Enjoyable and important though thinking is, it is no substitute for experience; mere thinking about the Real will not bring us closer to it at all. There is a fine Zen saying: "He who knows does not talk, he who talks does not know." Among Theosophical students - as among the adherents of other schools - we quite frequently encounter persons who talk eloquently and strenuously about things they don't know anything about. Zen may teach us to attempt to know first and talk later; it may also bring to us the truth that hero-worship is no substitute for the experience of reality. One Zen teacher admonished his pupils that if on their path to Nirvana they encountered the patriarch they were to slay him and if they chanced to meet the Buddha they were to destroy him also. Personalities - whether living or dead - should not take the place of our active and informed effort toward direct seeing into the heart of life and dear though teachers and messengers of light are to us, it would defeat the purpose of their lives to worship their words instead of going forth on the journey to the ever available source from which they have gathered their treasuries of truth which they brought to us.

Rather than resting content because of having received the teachings of the Ancient Wisdom in Theosophy and assuming our beliefs to contain "the whole truth and nothing but the truth," let us regard these teachings as having been given to us by Those who Know in order to help us to know also. Let us also remember that it is better to know than to believe and that the enlightened ones of every age are the perpetual living monuments, bearing testimony to the essential fact that we can know. Buddha-like all enlightened knowers - never claimed to have revealed enlightenment, but he did teach a way to enlightenment. He taught practical ethics and conceptual understanding, but only as "fingers pointing to the moon," to yet another region, another experience. Hence the Zen

Buddhist verse:

"When they curiously question thee, seeking to know what It is,

Do not affirm anything, and do not deny anything.

For whatsoever is affirmed is not true,

And whatsoever is denied is not true.

How shall anyone say truly what That may be

While he has not himself fully won What is?

And, after he has won, what word is to be sent from a Region

Where the chariot of speech finds no track on which to go?

Therefore, to their questionings offer them silence only,

Silence - and a finger pointing the Way."

This we may learn; to point the way and for the rest be silent. For such is the amazing Theosophy of Zen.



I shall be sad to leave

When earthly life is near its end,

Yet will not grieve

For long. I shall count

My blessings; from them weave

A ladder for my soul to mount

In everlasting song, and know

That Death is but another bend

Round which all steps must go.

I shall look back again

When earthly life is near its end,

And scan the way

Which, stumbling - I have come.

Ponder awhile each precious day,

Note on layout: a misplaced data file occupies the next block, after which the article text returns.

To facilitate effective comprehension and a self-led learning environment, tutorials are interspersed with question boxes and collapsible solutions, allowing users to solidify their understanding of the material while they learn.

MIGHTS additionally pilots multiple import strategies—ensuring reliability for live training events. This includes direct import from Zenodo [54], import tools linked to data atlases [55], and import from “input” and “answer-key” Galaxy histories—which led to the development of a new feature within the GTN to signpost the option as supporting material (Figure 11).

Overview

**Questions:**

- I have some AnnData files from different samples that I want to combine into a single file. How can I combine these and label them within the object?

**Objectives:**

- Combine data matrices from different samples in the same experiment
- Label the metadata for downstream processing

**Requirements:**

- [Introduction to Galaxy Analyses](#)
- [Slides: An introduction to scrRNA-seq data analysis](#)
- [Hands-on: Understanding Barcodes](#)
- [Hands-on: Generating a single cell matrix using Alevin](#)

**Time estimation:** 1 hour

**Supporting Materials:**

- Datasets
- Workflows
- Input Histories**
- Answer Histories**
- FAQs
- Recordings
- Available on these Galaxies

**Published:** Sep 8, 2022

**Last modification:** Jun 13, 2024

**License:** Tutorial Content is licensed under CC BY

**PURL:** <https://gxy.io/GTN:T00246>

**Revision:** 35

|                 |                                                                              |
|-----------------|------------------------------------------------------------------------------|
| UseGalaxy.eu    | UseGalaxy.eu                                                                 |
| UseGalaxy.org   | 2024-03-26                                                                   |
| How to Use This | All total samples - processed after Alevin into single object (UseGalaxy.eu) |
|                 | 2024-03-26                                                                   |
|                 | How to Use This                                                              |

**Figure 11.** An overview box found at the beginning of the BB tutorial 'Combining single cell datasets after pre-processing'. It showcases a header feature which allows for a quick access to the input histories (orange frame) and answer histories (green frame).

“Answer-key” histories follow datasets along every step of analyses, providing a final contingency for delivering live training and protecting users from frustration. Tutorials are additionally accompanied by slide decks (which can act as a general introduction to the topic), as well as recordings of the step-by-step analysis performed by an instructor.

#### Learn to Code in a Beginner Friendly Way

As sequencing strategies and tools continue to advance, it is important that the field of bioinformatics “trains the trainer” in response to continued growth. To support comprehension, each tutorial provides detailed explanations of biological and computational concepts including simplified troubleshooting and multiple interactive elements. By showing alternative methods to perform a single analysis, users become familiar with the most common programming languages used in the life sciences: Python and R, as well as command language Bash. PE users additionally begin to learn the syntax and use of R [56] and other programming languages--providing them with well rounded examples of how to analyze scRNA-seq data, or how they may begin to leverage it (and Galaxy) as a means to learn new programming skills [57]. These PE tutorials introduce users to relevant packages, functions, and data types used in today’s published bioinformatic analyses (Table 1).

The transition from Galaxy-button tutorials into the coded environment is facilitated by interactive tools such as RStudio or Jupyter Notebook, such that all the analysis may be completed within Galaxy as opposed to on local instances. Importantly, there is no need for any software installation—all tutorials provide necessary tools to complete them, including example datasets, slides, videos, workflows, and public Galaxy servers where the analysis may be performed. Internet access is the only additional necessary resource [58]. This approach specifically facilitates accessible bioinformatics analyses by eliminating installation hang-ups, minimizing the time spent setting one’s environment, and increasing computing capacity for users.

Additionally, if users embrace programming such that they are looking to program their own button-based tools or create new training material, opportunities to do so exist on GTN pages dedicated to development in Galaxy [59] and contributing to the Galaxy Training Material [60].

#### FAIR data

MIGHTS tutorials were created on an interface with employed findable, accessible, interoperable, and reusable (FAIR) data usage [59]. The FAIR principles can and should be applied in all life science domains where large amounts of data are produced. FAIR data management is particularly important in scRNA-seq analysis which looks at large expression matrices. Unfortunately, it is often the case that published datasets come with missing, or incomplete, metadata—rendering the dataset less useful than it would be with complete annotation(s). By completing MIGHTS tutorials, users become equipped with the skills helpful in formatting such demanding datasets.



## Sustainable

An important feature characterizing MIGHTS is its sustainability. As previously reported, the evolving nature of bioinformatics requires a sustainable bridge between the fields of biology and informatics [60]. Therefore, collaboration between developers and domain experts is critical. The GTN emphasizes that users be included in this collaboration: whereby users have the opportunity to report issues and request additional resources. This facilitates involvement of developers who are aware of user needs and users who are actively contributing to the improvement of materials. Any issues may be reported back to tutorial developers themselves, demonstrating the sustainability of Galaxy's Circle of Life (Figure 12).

Its laughter, and its deepest pain;

Sudden sunlight round a bend,

And busy traffic's rolling hum.

Yet will I come again . . . .

The wheel of life moves on.

- Leonora Parker


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There is a strong preoccupation among senior school children with some form of reincarnation judged on informal talks among them on religious education in secondary modern schools. There is also a strong similarity in their religious approach, whether they or their families go to church or not.

Tape recordings of the talks, taken with the knowledge of the boys and girls, have been used as the basis for a report on the religious education of the seniors in secondary modern schools, particularly those in their last year. The recordings were made in eight schools, including some in London, Leeds, Oxford and Porsea, Hants.

Part of one answer to the question "Is there a heaven?" was: "I think that you kind of come back into the world again, to live and lead a better life, and you go on coming back until you're perfect, and then, well, there isn't a place, but I think you go to God when you're perfect."

"God with a Beard"

Afterwards, children at 12 other schools were asked to write down anonymously, their views on such remarks as: "I've always imagined God as an old man with long hair and a beard, wearing white robes, with a nice calm face and that."

In all, 700 to 800 boys and girls from secondary modern schools or the secondary modern streams of comprehensive schools had a chance to enter the discussion. The schools were in such widely varying places as Northeast England, Scotland, Wales, Somerset, Bournemouth and Tunbridge Wells.

Approached from the children's point of view, the report has been prepared by a research group under Mr. Harold Loukes, Reader in Education at Oxford University Education Department. The Institute of Education, which includes Anglicans and Nonconformists on its council, plans to publish the report early next year.

"Adult Treatment" , . .

The final draft will not be ready before the autumn. Suggestions in it are likely to endorse the children's demand for ."adult treatment" of religious education.

There is also a strong feeling that straight teaching from the Bible is inadequate. Religious instruction should be concerned with the children's interests and problems, followed by the demonstration of the relevance of the Bible to them and the teaching of the Biblical answer.